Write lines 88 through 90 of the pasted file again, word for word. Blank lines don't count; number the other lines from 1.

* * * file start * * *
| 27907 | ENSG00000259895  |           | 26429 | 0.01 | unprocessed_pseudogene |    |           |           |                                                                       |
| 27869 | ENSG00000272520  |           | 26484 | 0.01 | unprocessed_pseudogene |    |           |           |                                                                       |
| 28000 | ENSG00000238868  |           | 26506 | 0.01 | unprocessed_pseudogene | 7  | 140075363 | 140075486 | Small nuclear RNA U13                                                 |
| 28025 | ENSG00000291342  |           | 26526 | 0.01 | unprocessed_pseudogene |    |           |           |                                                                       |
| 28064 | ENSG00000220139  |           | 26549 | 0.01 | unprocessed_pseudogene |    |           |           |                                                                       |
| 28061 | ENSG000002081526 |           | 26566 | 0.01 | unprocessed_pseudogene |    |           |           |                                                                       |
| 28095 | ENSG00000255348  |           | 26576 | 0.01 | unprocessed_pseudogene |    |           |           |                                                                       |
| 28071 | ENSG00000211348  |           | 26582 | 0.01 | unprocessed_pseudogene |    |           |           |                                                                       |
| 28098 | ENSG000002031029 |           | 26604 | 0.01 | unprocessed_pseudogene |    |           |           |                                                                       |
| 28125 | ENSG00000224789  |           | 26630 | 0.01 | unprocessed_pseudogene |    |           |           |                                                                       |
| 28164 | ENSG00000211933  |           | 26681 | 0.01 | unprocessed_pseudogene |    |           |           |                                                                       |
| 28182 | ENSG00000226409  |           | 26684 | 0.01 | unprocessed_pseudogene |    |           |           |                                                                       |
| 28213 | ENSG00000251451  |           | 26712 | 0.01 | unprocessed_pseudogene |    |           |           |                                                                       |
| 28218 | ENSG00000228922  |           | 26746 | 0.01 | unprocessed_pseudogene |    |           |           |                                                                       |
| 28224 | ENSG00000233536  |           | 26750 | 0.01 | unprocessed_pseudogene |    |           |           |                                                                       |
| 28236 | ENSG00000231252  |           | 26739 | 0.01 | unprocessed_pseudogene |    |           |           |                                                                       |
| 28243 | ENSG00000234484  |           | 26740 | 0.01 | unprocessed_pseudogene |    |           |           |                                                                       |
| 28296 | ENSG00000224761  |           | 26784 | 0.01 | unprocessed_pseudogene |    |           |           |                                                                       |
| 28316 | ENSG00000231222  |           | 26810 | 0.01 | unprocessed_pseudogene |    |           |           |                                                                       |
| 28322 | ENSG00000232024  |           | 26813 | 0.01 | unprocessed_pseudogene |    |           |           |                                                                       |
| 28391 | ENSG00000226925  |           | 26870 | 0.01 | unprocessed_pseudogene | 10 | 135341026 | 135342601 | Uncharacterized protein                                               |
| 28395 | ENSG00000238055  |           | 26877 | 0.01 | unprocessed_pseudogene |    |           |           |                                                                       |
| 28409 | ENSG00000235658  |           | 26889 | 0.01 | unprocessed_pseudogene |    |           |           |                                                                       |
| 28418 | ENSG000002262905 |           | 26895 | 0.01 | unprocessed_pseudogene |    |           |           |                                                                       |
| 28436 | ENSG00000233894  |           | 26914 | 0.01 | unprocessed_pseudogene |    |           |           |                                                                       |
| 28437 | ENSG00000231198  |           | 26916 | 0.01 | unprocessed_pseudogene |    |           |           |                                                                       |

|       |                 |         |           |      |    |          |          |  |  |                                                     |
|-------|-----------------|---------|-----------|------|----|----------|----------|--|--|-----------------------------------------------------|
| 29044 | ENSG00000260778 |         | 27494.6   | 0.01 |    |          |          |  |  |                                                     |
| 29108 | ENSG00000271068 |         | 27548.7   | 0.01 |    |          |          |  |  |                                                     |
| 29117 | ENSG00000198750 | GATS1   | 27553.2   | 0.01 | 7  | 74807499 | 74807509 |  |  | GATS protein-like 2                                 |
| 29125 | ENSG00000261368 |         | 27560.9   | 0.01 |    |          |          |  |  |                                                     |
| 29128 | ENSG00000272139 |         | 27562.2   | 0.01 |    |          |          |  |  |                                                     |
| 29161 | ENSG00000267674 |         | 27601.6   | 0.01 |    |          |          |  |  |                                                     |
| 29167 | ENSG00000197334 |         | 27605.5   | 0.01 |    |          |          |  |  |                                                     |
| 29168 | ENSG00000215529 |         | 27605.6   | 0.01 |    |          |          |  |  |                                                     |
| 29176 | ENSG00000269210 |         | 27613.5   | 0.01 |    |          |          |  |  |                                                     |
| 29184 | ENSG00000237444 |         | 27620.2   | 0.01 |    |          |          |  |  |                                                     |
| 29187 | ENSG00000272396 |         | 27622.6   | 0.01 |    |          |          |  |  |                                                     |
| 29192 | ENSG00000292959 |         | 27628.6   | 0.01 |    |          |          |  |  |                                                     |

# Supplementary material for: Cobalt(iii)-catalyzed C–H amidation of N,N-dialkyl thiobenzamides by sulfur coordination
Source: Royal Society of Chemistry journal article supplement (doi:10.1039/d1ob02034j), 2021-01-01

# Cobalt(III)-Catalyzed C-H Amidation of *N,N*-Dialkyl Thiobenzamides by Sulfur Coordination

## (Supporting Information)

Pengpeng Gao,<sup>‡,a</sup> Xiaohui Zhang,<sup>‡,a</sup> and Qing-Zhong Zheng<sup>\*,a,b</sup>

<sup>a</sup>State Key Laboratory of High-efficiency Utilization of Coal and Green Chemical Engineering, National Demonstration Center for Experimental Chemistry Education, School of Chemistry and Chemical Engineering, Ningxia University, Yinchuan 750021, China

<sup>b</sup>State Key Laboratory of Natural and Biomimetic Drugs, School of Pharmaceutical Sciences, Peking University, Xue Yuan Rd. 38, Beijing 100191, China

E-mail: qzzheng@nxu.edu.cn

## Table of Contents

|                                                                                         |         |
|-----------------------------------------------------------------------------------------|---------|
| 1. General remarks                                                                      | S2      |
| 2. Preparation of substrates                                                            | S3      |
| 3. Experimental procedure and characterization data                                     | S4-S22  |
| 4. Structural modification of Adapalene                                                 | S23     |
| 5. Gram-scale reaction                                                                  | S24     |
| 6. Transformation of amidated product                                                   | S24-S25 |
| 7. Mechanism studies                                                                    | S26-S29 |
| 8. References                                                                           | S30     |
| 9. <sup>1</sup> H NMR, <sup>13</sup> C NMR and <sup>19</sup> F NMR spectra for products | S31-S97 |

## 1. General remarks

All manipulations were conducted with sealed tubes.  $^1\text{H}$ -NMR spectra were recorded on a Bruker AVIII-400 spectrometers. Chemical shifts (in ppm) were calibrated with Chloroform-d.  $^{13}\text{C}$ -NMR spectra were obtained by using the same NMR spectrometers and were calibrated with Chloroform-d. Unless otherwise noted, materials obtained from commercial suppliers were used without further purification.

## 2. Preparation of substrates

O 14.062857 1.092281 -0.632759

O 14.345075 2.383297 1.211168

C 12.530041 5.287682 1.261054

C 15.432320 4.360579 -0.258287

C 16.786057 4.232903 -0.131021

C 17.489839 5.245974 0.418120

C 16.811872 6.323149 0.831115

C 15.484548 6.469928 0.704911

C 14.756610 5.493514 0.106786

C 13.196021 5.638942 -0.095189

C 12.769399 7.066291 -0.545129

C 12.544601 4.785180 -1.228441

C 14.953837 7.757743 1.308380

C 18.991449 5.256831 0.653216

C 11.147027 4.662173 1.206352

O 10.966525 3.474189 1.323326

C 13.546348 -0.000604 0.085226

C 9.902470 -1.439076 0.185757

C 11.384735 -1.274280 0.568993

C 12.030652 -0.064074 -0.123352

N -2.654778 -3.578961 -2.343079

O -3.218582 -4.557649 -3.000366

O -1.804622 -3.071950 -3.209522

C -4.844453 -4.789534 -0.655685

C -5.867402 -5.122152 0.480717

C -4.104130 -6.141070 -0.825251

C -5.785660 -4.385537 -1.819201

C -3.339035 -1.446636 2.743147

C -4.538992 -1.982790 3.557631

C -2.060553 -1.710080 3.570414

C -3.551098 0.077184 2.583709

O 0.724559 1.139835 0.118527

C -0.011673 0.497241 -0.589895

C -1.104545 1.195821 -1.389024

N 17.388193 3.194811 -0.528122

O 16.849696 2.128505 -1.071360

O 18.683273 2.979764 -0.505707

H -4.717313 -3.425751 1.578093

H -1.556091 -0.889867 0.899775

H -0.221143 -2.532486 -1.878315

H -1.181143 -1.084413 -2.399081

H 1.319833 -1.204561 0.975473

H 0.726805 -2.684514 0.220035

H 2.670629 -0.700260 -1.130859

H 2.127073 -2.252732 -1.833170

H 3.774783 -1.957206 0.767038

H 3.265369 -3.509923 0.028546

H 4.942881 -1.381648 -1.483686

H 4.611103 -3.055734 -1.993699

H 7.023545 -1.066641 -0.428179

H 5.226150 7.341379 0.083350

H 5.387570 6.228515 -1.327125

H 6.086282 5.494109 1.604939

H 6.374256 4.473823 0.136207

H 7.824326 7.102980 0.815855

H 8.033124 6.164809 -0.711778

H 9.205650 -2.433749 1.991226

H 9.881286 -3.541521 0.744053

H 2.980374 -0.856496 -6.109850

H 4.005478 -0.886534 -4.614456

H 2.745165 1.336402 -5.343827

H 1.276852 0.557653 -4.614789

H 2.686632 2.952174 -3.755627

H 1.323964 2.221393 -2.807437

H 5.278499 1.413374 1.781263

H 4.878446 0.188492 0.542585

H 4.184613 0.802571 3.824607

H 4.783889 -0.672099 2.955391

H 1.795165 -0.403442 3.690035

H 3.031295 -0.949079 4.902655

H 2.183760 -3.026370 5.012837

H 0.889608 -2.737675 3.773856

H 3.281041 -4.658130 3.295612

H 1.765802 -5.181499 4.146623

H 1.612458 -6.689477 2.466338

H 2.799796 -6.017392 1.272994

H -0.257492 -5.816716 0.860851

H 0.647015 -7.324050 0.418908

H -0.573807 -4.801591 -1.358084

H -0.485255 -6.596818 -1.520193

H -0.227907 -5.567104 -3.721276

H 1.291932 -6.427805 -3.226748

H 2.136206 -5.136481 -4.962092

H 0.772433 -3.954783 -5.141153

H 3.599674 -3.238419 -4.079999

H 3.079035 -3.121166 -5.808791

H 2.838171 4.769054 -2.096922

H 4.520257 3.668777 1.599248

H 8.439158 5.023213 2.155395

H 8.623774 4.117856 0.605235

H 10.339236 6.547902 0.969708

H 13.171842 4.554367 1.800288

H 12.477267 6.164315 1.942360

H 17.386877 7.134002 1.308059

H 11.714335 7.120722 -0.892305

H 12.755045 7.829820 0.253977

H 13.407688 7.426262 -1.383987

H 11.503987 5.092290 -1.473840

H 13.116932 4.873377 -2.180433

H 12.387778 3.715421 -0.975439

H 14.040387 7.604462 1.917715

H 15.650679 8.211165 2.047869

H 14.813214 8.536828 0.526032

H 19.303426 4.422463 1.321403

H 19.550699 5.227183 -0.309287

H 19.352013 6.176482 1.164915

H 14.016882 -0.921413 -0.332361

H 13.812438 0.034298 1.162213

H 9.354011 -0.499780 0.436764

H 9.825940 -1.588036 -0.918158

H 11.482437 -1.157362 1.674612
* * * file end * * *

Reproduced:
C -5.867402 -5.122152 0.480717

C -4.104130 -6.141070 -0.825251

C -5.785660 -4.385537 -1.819201